This time, I chose to travel at the “heart of civilization”. Being sola, I needed my vacation to be both an adventure and an opportunity to repose my soul. I looked for places where climate and geographical circumstances keep human populations relatively small, where law and nature lovers protect, as much as possible, large swaths of land and sea from “development”. I was fortunate to have a good friend in Maine, who allowed me to use his house as a base. Thank you!
So, why North America? Why Canada? Well, choices depend on one’s travelling philosophy, internal needs, circumstances and the call of the heart. As an Israeli, there is an added dimension: polarity, opposites attract. There’s also the escape element.
When the extraordinary beauty of our short spring, rich in flora from three continents …
…turns into the harsh reality of prickles, fires and thistles …
[Click on an image to see the sliders in a lightbox]
…that’s when I start feeling “The Call of the North”…
This irresistible call, like that of a migrating bird, had so far taken me up to the Land Ends of the Scottish isles – Hebrides, Shetlands, Orkneys, Ireland and the Swedish and Norwegian subarctic, but not to the northern parts of North America until this trip.
So, can we get more opposite than Israel and Canada? Barely!
|Dense: ~8.7 million over ~21,000 km2||Sparse: ~35 million over 9,984,670 km2|
A few dead polluted streams,
one freshwater lake, one salty lake
|Innumerable rivers, lakes, streams, ponds and other water bodies|
|Over-saturation with news||Low news density|
|Warm-blooded people||Relaxed human beings|
|10 beeps per minute per intersection||No beeping|
In 1969 Pierre Trudeau said: “Living next [to the U.S.] is in some ways like sleeping with an elephant. No matter how friendly or temperate the beast, one is affected by every twitch and grunt.” Well, we in Israel, though more than 10,000 km away, are clearly affected by every twitch and grunt of our friendly indispensable ally…
Benefits of Traveling – Learning
One can travel easily without knowing much about their destination. I, for one, certainly did not! I came to Canada vastly ignorant. You can either read about the place before the visit and come well prepared, or fill up on missing information during the trip or after. As an example, I have never heard of Acadians before, but after meeting some in flesh-and-blood, and visiting historical Acadian sites in Cape Breton, I got interested in their story and searched the subject…
In Israeli schools we learned about the American Revolution, the Tea Party, the Civil War, Slavery. We even read and studied the Declaration of Independence and the Bill of Rights… Everybody knows about the Conquest of the West and the wars with the Indians, America’s role in the first and second world wars, even the war with Mexico. Any kid can name 10 American presidents, and almost all the American States. But Canada? Saskatchewan? Nunavut? Where’s that? And why do we call the United States “America”?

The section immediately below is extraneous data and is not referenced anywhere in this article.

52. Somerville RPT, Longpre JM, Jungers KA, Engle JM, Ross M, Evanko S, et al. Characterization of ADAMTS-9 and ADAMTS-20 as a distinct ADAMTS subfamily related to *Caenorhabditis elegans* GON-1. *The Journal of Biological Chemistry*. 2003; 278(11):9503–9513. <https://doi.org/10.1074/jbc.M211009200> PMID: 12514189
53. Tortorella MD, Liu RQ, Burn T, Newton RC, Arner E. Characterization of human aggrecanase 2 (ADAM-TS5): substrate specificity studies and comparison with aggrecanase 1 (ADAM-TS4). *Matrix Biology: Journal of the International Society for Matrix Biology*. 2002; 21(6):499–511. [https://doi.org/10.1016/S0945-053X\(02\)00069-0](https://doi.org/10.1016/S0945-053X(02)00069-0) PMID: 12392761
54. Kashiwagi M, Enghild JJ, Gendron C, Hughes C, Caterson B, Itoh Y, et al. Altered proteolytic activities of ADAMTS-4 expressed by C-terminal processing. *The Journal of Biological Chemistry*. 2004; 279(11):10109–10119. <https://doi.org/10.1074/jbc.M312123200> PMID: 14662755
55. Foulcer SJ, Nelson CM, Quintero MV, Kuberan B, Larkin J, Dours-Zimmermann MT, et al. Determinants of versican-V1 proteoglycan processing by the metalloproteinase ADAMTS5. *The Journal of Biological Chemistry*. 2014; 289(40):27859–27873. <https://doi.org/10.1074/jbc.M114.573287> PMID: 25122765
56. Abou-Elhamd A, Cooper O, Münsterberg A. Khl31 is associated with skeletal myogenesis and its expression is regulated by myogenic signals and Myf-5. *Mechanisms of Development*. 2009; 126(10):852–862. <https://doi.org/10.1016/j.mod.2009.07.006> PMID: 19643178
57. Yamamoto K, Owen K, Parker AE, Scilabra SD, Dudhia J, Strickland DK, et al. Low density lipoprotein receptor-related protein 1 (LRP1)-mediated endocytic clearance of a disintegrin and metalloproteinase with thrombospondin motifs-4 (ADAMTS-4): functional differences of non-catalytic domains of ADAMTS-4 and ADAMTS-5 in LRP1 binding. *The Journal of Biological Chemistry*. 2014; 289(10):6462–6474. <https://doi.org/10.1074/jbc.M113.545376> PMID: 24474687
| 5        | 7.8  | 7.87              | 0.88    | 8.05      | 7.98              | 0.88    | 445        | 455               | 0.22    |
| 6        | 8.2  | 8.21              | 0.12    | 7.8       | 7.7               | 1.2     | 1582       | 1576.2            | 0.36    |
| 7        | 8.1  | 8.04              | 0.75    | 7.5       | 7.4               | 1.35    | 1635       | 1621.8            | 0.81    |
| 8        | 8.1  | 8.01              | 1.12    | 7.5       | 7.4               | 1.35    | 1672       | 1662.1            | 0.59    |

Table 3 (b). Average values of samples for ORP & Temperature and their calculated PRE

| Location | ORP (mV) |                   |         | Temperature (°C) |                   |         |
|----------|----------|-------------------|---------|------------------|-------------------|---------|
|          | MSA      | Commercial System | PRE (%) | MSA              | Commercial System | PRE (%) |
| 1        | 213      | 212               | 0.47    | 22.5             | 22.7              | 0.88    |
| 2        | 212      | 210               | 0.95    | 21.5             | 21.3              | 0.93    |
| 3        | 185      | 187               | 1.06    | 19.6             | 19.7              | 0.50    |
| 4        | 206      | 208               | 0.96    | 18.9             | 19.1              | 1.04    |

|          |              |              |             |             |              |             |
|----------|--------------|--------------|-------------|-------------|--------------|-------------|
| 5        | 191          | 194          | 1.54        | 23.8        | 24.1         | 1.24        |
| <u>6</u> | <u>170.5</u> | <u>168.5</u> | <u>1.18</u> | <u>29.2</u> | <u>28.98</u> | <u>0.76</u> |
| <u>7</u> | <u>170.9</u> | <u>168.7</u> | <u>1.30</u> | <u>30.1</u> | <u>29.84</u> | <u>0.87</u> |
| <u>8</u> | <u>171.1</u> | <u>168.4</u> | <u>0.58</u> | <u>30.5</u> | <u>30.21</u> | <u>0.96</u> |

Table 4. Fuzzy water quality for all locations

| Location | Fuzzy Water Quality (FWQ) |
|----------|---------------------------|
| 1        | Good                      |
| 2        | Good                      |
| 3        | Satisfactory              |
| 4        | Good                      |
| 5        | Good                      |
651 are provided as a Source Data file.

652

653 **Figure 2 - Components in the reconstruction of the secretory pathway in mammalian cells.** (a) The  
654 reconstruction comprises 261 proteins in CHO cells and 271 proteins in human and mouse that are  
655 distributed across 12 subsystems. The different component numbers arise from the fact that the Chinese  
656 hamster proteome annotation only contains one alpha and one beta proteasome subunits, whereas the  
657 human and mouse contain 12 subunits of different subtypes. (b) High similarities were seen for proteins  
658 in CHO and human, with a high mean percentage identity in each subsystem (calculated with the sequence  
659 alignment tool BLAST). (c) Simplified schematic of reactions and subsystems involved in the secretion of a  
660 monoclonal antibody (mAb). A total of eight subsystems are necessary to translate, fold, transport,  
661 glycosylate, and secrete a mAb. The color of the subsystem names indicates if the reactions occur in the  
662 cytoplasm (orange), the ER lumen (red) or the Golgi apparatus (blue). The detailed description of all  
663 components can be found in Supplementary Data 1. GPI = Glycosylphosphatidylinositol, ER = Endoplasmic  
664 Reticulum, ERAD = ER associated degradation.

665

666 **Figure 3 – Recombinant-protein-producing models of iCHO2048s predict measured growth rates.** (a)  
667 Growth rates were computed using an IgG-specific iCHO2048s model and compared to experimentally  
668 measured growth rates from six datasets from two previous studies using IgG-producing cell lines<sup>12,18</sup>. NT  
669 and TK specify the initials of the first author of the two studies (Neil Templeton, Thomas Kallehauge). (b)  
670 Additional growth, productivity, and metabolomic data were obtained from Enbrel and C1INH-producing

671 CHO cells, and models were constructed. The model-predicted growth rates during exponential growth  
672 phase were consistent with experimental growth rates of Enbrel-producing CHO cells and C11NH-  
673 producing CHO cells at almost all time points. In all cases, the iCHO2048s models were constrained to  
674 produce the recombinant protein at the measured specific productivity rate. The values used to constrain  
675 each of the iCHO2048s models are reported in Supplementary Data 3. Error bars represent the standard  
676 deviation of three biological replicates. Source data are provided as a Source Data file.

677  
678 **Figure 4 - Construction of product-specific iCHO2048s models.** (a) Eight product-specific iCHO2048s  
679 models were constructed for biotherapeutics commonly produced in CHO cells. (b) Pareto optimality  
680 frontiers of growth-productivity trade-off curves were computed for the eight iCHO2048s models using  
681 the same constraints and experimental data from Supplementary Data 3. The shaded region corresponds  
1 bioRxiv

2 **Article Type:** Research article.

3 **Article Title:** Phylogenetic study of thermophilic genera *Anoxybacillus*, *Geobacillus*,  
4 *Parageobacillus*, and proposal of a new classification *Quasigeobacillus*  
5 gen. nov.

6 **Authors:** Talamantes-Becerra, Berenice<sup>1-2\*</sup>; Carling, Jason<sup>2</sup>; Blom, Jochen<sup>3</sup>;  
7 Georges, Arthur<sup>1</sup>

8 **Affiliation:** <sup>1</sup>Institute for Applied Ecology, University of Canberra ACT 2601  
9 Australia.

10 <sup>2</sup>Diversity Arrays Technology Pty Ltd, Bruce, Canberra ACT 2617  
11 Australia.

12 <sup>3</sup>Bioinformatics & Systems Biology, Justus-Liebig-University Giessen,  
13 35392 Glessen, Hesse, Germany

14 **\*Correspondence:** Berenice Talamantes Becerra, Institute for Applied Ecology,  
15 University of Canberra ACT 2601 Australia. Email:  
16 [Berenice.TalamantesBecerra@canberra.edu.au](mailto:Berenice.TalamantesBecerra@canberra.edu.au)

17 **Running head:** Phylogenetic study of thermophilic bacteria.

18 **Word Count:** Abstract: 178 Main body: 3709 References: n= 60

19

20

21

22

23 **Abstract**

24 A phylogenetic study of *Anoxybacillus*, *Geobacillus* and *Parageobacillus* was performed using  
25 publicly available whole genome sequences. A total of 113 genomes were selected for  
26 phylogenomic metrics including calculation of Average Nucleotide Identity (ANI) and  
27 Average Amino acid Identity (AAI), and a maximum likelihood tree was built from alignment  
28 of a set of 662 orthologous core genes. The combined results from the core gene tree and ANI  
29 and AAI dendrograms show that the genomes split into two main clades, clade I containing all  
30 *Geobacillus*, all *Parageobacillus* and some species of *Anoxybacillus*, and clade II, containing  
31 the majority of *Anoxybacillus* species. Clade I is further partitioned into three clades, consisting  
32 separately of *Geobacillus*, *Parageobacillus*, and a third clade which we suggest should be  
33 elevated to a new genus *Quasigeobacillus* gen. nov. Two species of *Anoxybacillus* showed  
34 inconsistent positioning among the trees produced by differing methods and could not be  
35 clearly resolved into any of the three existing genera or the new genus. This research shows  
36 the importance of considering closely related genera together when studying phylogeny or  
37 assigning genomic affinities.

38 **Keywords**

It feels good to acknowledge the ignorance gaps, and try to close them. When years before I landed in Mexico City, I did not know Mexico was a federation of states, or that they also had a revolution, just like its northern counterpart…
There’s nothing like traveling to promote curiosity and interest, a learning grounded in real Life. Studying about ferns in school can be boring. Taking a guided walking tour with an enthusiastic fern expert, as I did in Fundy Natioanl Park, got me to start browsing the webpages…
When in Ireland for our honeymoon, we met an American tourist, an educated lab practitioner with a second degree in biology. She was physically there, but was not aware Ireland was an island, or that it was Catholic… I was shocked then, but why should I? I can barely name all the African countries, not to mention capitals and locations. But that’s OK. There’s just so much to know, and the hierarchy of what “everybody should know” is artificial and subjective.
It is a bit sad if you go up and down a country and never bother to learn anything about it, though. Even so, the experiential input retains and merges with everything else that constitutes your concept of the world and of yourself in it. You change and learn without noticing it. We will never have all the info in our brains anyway, so it’s up to us to pick and choose, no judgement.
You learn a lot also on the more mundane, smaller scale. For example, I visited a town in upstate New York as they were wrapping up an October Fest celebration. I didn’t know this festival ever left Germany’s shores (later I found out it was now celebrated in Israel as well!!!). I did not know there were Indian reservations on the Canadian border, I couldn’t imagine the American army had jazz bands…